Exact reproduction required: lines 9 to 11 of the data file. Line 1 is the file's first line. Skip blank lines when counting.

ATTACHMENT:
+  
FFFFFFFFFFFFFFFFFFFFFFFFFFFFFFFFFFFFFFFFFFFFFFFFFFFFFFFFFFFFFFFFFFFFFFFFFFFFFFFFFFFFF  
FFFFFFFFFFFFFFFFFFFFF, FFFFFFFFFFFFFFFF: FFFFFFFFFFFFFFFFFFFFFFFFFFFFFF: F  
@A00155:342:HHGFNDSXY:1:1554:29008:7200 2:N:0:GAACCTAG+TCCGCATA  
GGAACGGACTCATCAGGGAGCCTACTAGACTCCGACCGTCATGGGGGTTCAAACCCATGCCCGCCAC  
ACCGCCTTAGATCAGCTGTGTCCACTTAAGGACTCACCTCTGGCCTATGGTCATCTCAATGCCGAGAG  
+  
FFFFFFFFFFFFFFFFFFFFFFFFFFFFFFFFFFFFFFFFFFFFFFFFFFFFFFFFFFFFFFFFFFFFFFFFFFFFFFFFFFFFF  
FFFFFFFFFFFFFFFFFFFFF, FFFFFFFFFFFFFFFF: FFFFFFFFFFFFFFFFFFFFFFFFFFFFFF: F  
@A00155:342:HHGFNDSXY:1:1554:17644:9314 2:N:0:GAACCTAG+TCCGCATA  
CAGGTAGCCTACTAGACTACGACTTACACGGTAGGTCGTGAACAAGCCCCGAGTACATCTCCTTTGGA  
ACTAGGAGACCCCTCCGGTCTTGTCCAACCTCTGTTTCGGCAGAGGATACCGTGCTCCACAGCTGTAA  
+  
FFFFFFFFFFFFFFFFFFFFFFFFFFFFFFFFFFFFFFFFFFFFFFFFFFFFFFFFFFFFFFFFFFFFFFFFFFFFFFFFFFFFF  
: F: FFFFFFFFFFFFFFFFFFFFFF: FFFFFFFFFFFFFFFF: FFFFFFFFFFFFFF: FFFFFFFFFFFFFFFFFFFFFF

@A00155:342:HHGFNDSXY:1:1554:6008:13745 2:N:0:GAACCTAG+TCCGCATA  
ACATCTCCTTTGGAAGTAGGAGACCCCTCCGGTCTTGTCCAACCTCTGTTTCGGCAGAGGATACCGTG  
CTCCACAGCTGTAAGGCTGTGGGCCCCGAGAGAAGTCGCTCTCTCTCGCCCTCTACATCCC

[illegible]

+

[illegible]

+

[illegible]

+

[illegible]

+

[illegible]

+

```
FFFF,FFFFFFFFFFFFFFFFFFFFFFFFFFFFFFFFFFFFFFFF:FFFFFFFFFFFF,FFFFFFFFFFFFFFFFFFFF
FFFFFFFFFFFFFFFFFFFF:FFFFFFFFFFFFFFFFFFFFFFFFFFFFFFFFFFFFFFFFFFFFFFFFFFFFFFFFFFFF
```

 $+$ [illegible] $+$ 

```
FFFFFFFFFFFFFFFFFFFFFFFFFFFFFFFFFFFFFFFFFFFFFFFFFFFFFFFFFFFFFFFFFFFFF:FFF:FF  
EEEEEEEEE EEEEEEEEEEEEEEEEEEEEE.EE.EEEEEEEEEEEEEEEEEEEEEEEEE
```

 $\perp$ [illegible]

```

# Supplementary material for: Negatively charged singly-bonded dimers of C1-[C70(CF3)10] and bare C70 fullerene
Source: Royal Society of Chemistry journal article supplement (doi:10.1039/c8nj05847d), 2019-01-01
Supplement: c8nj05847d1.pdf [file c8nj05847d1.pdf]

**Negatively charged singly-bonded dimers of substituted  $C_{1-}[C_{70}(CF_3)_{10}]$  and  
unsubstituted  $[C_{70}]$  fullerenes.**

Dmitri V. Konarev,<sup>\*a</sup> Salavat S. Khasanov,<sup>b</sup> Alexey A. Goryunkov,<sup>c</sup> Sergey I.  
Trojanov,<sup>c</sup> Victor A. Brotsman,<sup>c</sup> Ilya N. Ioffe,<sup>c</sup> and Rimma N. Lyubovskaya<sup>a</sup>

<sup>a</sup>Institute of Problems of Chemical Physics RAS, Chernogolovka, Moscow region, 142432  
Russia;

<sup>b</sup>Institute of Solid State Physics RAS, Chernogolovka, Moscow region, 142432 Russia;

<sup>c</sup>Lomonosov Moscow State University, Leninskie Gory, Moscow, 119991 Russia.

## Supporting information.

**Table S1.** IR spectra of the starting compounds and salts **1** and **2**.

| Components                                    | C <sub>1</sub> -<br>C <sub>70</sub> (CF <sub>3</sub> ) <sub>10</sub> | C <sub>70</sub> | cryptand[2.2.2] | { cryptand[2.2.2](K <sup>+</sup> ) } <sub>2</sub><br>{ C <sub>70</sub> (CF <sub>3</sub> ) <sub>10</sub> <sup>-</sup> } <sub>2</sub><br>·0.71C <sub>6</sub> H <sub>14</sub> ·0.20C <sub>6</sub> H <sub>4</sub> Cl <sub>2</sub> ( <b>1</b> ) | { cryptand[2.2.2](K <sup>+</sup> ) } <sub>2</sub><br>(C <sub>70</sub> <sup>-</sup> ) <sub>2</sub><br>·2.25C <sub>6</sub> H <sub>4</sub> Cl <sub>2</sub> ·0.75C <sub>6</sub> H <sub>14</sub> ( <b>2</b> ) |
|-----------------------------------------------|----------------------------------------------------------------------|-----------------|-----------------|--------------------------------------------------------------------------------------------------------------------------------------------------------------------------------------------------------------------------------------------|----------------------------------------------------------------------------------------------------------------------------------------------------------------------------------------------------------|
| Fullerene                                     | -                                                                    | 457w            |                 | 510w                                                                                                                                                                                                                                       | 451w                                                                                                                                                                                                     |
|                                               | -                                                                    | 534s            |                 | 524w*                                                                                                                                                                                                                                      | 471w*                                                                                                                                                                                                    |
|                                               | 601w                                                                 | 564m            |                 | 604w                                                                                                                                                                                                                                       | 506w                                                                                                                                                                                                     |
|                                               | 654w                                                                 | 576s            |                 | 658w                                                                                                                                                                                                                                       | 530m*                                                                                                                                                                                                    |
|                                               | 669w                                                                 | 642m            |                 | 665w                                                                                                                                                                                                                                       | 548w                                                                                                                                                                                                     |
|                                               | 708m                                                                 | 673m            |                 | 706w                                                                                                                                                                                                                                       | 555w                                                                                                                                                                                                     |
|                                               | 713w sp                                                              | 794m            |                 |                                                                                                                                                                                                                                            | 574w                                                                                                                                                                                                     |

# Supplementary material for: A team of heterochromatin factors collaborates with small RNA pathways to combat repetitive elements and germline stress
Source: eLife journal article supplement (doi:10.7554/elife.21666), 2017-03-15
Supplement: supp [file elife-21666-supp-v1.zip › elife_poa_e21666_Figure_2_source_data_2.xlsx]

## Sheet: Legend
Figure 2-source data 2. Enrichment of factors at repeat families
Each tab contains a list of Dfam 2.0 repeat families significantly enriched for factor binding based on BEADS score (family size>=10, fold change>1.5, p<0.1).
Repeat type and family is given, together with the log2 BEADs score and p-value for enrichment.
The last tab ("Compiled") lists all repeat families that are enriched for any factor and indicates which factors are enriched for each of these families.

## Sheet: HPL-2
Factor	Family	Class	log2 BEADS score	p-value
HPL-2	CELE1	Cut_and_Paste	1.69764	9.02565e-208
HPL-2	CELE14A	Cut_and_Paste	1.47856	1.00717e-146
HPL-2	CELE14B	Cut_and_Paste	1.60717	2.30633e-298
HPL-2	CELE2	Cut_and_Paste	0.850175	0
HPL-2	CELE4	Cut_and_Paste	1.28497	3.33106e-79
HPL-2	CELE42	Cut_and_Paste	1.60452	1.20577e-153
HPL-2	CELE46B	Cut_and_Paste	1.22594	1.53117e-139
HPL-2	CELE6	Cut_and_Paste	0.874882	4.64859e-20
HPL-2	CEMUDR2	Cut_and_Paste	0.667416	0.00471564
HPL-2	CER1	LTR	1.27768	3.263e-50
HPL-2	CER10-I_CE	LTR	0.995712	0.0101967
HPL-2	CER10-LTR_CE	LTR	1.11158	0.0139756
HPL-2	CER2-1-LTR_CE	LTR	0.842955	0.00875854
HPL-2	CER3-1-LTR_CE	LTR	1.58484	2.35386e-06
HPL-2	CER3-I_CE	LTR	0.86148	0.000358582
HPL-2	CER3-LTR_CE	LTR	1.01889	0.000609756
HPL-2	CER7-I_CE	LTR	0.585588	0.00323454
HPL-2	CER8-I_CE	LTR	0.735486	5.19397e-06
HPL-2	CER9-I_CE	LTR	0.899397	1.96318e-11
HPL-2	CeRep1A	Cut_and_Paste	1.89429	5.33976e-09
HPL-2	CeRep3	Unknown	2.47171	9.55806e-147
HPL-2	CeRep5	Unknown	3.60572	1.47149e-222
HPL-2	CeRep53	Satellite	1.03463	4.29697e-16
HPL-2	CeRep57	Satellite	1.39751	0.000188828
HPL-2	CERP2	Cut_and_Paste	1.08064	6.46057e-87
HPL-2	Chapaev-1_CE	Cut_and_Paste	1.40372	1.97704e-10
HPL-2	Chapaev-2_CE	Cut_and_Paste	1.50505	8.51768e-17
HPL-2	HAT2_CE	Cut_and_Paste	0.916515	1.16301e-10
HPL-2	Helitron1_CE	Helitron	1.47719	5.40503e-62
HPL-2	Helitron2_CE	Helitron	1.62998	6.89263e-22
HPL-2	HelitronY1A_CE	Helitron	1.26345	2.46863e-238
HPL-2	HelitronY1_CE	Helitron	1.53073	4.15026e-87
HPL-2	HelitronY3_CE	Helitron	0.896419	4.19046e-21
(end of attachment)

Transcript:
FFFFFFFFFFFFFFFFFFFFF, FFFFFFFFFFFFFFFF: FFFFFFFFFFFFFFFFFFFFFFFFFFFFFF: F  
@A00155:342:HHGFNDSXY:1:1554:17644:9314 2:N:0:GAACCTAG+TCCGCATA  
CAGGTAGCCTACTAGACTACGACTTACACGGTAGGTCGTGAACAAGCCCCGAGTACATCTCCTTTGGA  